Tim Smyth Park/The Fairgreen
Tim Smyth Park in the Fairgreen is a popular amenity with playing pitches, running track and a playground. Surrounded by trees and scrub, this is a great green space in the town to escape for a while and relax.
Ballyalla Lake is a population recreation amenity with picnic tables and a swimming area. A 6km Slí na Sláinte route starts in the car park. Ballyalla Lake is a relatively small, shallow lake situated on the River Fergus approximately 4 km north of Ennis. It is a naturally eutrophic lake, a habitat listed on Annex I of the EC Habitats Directive1 reflecting its importance in a European context. The site contains a mosaic of woodlands, wetlands, waterbodies and limestone pavement, which adds to the diversity of the site. Wetlands are key to maintaining water quality as well as supporting wildlife. Ballyalla Lake is also a Special Protection Area (SPA) under the EC Birds Direc
tive2. The lake and the floodplain to the west hold nationally important numbers of Shoveler, Wigeon, Coot, Mallard and Gadwall. Significant numbers of Whooper Swan also uses the site. Other regular wintering species include Teal, Lapwing, Tufted Duck, Pintail and Little Grebe. Ballyalla Lough is also a Ramsar Convention3 site and a Wildfowl Sanctuary4. An attractive interpretive panel highlights many of the birds that can be seen at the lake. For a relatively small lake, Ballyalla supports huge numbers of water birds and is therefore extremely valuable for wildlife. It is a great spot for birdwatching. The Clare branch of BirdWatch Ireland run birdwatching outings at the lake most years.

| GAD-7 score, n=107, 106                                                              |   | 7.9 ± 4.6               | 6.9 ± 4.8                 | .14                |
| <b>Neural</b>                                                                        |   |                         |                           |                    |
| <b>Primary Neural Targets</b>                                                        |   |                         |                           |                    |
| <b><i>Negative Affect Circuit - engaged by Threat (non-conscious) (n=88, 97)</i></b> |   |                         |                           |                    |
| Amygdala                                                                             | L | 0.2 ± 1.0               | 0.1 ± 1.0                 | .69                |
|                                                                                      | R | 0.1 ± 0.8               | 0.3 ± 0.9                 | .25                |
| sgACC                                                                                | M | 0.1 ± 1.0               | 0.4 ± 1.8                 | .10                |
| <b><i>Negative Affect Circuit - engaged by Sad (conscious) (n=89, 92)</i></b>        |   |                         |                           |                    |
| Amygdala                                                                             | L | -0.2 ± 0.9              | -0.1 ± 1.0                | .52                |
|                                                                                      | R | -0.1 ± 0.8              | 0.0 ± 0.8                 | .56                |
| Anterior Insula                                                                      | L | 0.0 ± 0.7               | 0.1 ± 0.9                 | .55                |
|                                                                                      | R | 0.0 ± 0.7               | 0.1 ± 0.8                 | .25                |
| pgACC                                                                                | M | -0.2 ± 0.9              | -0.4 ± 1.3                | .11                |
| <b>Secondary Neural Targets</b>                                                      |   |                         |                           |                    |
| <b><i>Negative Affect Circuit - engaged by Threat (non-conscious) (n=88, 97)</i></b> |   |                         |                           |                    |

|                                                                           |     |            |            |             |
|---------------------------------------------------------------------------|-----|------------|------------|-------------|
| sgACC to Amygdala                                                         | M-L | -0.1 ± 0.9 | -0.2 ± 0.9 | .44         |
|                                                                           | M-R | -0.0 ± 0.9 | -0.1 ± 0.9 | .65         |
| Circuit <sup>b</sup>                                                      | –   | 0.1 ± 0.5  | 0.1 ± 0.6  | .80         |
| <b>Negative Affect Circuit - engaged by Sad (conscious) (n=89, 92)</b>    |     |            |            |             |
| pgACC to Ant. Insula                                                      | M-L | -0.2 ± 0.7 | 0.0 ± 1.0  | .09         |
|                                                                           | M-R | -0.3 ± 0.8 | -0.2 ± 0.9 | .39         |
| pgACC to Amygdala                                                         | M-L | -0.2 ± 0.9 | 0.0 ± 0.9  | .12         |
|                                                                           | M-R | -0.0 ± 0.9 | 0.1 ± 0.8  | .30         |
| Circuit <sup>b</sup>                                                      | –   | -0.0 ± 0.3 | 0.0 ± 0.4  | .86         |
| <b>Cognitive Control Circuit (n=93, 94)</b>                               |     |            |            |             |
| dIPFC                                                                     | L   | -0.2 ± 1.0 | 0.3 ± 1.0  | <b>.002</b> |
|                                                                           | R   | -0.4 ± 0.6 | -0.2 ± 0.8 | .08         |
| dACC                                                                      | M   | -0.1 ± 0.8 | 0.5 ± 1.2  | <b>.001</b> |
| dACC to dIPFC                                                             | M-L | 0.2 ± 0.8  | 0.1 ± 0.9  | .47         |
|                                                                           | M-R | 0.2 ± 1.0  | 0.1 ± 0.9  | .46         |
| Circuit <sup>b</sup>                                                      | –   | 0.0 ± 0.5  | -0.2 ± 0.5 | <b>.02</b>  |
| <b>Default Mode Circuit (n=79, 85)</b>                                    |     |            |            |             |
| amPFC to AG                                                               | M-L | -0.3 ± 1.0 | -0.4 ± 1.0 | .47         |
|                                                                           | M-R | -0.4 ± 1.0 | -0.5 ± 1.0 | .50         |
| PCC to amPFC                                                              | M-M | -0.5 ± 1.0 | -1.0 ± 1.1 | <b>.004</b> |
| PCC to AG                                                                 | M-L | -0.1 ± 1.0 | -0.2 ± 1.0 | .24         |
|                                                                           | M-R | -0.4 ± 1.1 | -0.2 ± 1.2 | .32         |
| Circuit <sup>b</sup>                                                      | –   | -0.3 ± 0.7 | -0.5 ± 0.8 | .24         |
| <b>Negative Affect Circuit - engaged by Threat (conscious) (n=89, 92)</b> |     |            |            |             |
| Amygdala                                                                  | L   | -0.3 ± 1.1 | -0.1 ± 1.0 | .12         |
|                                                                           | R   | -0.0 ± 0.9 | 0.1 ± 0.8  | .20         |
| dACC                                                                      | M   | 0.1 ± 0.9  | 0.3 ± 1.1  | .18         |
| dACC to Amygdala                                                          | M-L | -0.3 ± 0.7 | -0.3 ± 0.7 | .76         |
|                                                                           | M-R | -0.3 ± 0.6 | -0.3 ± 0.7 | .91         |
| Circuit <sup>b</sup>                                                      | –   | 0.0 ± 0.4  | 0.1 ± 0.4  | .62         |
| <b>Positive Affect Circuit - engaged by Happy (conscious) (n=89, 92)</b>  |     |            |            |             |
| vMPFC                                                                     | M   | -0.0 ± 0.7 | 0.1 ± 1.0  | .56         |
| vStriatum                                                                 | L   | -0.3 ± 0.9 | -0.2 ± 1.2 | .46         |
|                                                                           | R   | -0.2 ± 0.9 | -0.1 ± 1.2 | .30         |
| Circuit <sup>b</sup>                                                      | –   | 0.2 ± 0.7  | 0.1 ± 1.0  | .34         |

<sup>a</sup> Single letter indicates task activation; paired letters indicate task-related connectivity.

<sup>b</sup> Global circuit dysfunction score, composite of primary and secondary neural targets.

The Rocky Road is an ancient pilgrim path that runs from Ennis through Cahircalla Beg to a holy well at Killone Abbey on the shore of Killone Lake (St. John’s Well). The path travels through a limestone landscape with Hazel scrub, native woodand, limestone pavement, calcareous grassland and lake shore. The flora and fauna of much of this area is reminiscent of the Burren. The Rocky Road is a popular walking and running route. The final section of the route to Killone is overgrown but the road can be enjoyed along with the paths in Ballybeg Wood.
Drumcliff Old Graveyard
As a place of burial, Drumcliff has a long history, dating back to the early monastic settlement established there some time before the tenth century, and whose remains still dominate the elevated part of the graveyard site. Old graveyards such as Drumcliff can be havens for wildlife as well as places of remembrance and quiet reflection for the local community.